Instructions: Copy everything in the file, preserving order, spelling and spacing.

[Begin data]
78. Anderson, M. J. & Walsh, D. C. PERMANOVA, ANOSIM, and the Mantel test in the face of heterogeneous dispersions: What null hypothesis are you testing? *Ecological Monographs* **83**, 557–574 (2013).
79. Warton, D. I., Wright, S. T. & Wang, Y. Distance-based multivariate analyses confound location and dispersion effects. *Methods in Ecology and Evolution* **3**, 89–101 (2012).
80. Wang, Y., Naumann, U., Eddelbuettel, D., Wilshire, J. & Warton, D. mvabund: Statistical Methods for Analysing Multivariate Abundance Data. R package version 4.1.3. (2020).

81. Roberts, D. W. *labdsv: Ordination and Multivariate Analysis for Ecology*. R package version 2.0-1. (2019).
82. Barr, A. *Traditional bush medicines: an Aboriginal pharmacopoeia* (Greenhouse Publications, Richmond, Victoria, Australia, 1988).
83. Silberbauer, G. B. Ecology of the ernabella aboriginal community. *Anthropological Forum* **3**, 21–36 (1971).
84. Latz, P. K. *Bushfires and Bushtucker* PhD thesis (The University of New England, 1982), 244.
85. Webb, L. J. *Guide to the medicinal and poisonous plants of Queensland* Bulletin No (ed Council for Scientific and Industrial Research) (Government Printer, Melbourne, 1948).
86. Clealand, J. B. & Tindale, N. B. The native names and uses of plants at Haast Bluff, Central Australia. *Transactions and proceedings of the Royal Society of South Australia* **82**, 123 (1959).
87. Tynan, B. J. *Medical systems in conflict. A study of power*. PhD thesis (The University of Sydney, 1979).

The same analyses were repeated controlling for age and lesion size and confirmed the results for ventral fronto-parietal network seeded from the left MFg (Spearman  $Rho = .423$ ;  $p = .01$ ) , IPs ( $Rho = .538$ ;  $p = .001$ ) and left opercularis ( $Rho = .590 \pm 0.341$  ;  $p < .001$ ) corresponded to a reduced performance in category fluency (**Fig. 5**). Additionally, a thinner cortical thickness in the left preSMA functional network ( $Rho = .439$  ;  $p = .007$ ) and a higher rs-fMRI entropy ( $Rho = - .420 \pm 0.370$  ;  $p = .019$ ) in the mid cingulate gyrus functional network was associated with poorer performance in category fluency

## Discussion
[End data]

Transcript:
78. Anderson, M. J. & Walsh, D. C. PERMANOVA, ANOSIM, and the Mantel test in the face of heterogeneous dispersions: What null hypothesis are you testing? *Ecological Monographs* **83**, 557–574 (2013).
79. Warton, D. I., Wright, S. T. & Wang, Y. Distance-based multivariate analyses confound location and dispersion effects. *Methods in Ecology and Evolution* **3**, 89–101 (2012).
80. Wang, Y., Naumann, U., Eddelbuettel, D., Wilshire, J. & Warton, D. mvabund: Statistical Methods for Analysing Multivariate Abundance Data. R package version 4.1.3. (2020).

81. Roberts, D. W. *labdsv: Ordination and Multivariate Analysis for Ecology*. R package version 2.0-1. (2019).
82. Barr, A. *Traditional bush medicines: an Aboriginal pharmacopoeia* (Greenhouse Publications, Richmond, Victoria, Australia, 1988).
83. Silberbauer, G. B. Ecology of the ernabella aboriginal community. *Anthropological Forum* **3**, 21–36 (1971).
84. Latz, P. K. *Bushfires and Bushtucker* PhD thesis (The University of New England, 1982), 244.
85. Webb, L. J. *Guide to the medicinal and poisonous plants of Queensland* Bulletin No (ed Council for Scientific and Industrial Research) (Government Printer, Melbourne, 1948).
86. Clealand, J. B. & Tindale, N. B. The native names and uses of plants at Haast Bluff, Central Australia. *Transactions and proceedings of the Royal Society of South Australia* **82**, 123 (1959).
87. Tynan, B. J. *Medical systems in conflict. A study of power*. PhD thesis (The University of Sydney, 1979).

The same analyses were repeated controlling for age and lesion size and confirmed the results for ventral fronto-parietal network seeded from the left MFg (Spearman  $Rho = .423$ ;  $p = .01$ ) , IPs ( $Rho = .538$ ;  $p = .001$ ) and left opercularis ( $Rho = .590 \pm 0.341$  ;  $p < .001$ ) corresponded to a reduced performance in category fluency (**Fig. 5**). Additionally, a thinner cortical thickness in the left preSMA functional network ( $Rho = .439$  ;  $p = .007$ ) and a higher rs-fMRI entropy ( $Rho = - .420 \pm 0.370$  ;  $p = .019$ ) in the mid cingulate gyrus functional network was associated with poorer performance in category fluency

## Discussion